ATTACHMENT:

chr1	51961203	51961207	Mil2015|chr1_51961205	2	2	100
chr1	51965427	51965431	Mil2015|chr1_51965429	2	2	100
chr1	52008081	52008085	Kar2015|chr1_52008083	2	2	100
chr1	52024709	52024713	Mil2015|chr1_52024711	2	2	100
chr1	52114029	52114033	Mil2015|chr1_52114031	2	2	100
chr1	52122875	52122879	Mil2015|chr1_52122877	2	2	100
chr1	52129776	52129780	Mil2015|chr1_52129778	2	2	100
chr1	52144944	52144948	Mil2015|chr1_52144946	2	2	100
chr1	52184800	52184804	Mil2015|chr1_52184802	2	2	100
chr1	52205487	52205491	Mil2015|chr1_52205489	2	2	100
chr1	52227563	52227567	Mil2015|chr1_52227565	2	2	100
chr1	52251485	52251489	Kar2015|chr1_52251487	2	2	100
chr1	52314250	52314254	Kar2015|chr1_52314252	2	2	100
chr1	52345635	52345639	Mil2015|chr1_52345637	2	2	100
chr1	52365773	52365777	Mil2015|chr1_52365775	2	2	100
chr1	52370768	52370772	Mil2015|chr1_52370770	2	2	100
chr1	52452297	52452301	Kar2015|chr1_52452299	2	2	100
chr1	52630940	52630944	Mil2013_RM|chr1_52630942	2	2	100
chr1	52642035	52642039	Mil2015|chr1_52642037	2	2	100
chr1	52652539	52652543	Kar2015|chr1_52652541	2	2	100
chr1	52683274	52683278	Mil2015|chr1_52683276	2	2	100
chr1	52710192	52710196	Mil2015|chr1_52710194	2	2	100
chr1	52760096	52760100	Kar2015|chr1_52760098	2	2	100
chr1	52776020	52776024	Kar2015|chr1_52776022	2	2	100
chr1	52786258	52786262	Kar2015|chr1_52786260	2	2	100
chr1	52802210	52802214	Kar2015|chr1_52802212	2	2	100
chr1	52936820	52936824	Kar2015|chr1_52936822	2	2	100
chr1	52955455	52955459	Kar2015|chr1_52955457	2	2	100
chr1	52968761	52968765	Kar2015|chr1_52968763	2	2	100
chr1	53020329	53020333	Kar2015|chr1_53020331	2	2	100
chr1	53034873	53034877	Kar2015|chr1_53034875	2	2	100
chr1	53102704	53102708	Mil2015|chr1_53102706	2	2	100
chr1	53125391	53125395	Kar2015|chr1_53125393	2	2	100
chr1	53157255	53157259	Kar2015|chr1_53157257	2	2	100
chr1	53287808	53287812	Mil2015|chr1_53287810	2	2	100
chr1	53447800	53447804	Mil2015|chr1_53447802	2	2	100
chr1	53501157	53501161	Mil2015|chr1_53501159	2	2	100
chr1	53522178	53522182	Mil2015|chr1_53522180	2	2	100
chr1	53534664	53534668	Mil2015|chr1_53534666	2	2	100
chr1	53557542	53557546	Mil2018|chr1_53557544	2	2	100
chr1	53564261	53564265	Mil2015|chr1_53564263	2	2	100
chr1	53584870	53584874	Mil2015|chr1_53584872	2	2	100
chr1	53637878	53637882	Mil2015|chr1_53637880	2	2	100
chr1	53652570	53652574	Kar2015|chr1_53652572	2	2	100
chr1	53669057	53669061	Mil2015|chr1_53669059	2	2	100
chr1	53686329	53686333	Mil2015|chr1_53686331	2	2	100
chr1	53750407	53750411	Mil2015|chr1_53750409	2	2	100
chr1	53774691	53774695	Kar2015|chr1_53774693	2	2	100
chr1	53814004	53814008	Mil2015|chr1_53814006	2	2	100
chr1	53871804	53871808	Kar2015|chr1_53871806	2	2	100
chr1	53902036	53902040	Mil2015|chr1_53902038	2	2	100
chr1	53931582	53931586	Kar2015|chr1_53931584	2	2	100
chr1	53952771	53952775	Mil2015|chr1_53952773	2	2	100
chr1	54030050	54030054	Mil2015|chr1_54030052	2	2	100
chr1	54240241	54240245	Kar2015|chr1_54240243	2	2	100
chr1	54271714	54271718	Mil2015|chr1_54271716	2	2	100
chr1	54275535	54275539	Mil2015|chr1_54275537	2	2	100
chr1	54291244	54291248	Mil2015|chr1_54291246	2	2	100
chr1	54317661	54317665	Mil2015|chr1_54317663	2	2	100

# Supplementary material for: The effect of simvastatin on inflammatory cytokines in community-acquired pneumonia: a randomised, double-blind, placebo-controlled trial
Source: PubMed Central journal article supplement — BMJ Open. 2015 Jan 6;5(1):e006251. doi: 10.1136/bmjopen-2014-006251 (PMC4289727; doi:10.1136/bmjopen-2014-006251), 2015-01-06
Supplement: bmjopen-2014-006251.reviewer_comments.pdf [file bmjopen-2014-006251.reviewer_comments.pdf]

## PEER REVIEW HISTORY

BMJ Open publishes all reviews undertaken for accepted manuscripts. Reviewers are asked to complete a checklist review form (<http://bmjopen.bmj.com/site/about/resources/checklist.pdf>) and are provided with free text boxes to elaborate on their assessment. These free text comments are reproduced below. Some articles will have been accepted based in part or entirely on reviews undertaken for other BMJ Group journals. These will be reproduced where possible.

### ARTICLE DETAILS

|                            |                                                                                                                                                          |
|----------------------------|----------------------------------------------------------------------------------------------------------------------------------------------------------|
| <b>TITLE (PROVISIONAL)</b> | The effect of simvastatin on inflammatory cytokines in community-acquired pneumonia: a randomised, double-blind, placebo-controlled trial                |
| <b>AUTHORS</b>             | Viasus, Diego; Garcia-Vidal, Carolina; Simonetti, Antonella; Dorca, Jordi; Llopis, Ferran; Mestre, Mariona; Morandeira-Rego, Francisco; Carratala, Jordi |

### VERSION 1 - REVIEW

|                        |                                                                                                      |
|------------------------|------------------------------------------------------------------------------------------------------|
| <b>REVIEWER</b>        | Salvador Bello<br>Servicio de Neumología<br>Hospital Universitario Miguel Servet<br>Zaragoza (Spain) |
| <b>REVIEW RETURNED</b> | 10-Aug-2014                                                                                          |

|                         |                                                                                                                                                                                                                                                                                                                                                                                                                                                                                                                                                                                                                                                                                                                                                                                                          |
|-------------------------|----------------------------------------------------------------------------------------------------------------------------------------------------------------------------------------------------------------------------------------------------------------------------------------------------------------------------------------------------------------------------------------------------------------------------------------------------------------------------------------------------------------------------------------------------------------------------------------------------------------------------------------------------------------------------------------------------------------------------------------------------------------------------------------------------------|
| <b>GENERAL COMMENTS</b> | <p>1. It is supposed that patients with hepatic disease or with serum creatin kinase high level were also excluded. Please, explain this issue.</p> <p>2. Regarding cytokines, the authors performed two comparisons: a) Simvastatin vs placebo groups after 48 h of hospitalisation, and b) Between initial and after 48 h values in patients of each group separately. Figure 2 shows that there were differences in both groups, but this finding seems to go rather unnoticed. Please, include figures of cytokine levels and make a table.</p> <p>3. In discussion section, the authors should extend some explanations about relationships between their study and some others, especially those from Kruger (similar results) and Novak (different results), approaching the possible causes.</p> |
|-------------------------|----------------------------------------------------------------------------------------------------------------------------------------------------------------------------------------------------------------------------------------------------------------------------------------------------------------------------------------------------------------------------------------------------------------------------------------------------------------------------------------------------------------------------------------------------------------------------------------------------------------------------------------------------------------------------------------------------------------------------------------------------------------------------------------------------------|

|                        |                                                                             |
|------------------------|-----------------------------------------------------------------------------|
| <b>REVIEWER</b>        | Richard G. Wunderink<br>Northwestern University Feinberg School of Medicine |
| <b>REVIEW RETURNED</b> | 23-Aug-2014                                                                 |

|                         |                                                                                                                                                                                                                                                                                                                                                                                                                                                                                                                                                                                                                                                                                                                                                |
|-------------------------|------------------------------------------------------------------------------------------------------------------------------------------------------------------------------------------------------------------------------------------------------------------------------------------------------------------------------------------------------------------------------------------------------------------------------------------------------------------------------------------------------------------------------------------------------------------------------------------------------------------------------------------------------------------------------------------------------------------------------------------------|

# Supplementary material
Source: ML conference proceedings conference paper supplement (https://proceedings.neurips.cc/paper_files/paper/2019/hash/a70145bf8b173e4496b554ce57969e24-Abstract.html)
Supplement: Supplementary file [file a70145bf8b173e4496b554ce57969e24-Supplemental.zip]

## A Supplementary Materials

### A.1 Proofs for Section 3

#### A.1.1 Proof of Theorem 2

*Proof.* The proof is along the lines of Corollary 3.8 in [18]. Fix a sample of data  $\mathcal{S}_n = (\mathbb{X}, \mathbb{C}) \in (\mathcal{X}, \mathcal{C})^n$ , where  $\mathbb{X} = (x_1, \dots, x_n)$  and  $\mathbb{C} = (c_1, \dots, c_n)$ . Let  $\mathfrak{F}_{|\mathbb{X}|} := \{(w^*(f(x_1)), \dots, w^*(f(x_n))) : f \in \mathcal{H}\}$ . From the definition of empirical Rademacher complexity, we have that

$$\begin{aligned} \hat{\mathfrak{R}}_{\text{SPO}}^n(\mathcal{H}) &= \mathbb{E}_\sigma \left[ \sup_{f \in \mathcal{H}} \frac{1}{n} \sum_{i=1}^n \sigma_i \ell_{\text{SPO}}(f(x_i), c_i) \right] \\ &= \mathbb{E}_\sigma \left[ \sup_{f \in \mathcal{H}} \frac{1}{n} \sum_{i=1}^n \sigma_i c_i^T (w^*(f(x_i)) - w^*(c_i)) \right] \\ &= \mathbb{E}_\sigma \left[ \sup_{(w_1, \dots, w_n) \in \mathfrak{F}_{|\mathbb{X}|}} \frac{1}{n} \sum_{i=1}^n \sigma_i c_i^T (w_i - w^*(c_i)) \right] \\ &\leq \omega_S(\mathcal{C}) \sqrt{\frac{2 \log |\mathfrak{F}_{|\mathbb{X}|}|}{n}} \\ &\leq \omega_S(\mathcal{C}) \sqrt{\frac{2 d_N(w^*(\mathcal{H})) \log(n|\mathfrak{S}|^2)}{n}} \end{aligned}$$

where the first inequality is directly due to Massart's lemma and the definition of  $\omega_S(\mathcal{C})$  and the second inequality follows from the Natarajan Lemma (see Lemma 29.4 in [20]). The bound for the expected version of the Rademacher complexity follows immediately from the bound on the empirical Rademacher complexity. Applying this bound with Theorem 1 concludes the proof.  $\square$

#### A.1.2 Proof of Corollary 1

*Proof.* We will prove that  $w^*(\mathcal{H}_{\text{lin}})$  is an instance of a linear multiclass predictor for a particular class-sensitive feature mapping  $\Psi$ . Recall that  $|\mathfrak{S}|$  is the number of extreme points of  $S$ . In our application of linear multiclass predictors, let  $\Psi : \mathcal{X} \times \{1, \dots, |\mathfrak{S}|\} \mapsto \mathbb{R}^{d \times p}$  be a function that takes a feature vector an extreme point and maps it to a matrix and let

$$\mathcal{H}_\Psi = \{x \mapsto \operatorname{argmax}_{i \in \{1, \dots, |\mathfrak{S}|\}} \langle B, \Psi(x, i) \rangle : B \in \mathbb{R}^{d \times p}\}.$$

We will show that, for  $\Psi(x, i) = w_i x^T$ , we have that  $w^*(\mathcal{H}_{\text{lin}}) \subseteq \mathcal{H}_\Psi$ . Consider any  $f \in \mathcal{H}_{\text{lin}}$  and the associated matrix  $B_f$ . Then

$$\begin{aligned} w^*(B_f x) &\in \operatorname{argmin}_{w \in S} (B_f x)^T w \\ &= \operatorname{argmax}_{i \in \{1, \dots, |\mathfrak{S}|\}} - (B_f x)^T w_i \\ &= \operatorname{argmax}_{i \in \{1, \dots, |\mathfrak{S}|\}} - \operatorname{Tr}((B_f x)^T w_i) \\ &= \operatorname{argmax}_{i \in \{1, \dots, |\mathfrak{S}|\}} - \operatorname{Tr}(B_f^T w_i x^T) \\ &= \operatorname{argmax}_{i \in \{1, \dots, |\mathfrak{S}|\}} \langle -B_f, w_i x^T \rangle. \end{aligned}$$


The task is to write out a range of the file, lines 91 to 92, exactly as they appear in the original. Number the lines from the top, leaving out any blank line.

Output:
*Proof.* The proof is along the lines of Corollary 3.8 in [18]. Fix a sample of data  $\mathcal{S}_n = (\mathbb{X}, \mathbb{C}) \in (\mathcal{X}, \mathcal{C})^n$ , where  $\mathbb{X} = (x_1, \dots, x_n)$  and  $\mathbb{C} = (c_1, \dots, c_n)$ . Let  $\mathfrak{F}_{|\mathbb{X}|} := \{(w^*(f(x_1)), \dots, w^*(f(x_n))) : f \in \mathcal{H}\}$ . From the definition of empirical Rademacher complexity, we have that

$$\begin{aligned} \hat{\mathfrak{R}}_{\text{SPO}}^n(\mathcal{H}) &= \mathbb{E}_\sigma \left[ \sup_{f \in \mathcal{H}} \frac{1}{n} \sum_{i=1}^n \sigma_i \ell_{\text{SPO}}(f(x_i), c_i) \right] \\ &= \mathbb{E}_\sigma \left[ \sup_{f \in \mathcal{H}} \frac{1}{n} \sum_{i=1}^n \sigma_i c_i^T (w^*(f(x_i)) - w^*(c_i)) \right] \\ &= \mathbb{E}_\sigma \left[ \sup_{(w_1, \dots, w_n) \in \mathfrak{F}_{|\mathbb{X}|}} \frac{1}{n} \sum_{i=1}^n \sigma_i c_i^T (w_i - w^*(c_i)) \right] \\ &\leq \omega_S(\mathcal{C}) \sqrt{\frac{2 \log |\mathfrak{F}_{|\mathbb{X}|}|}{n}} \\ &\leq \omega_S(\mathcal{C}) \sqrt{\frac{2 d_N(w^*(\mathcal{H})) \log(n|\mathfrak{S}|^2)}{n}} \end{aligned}$$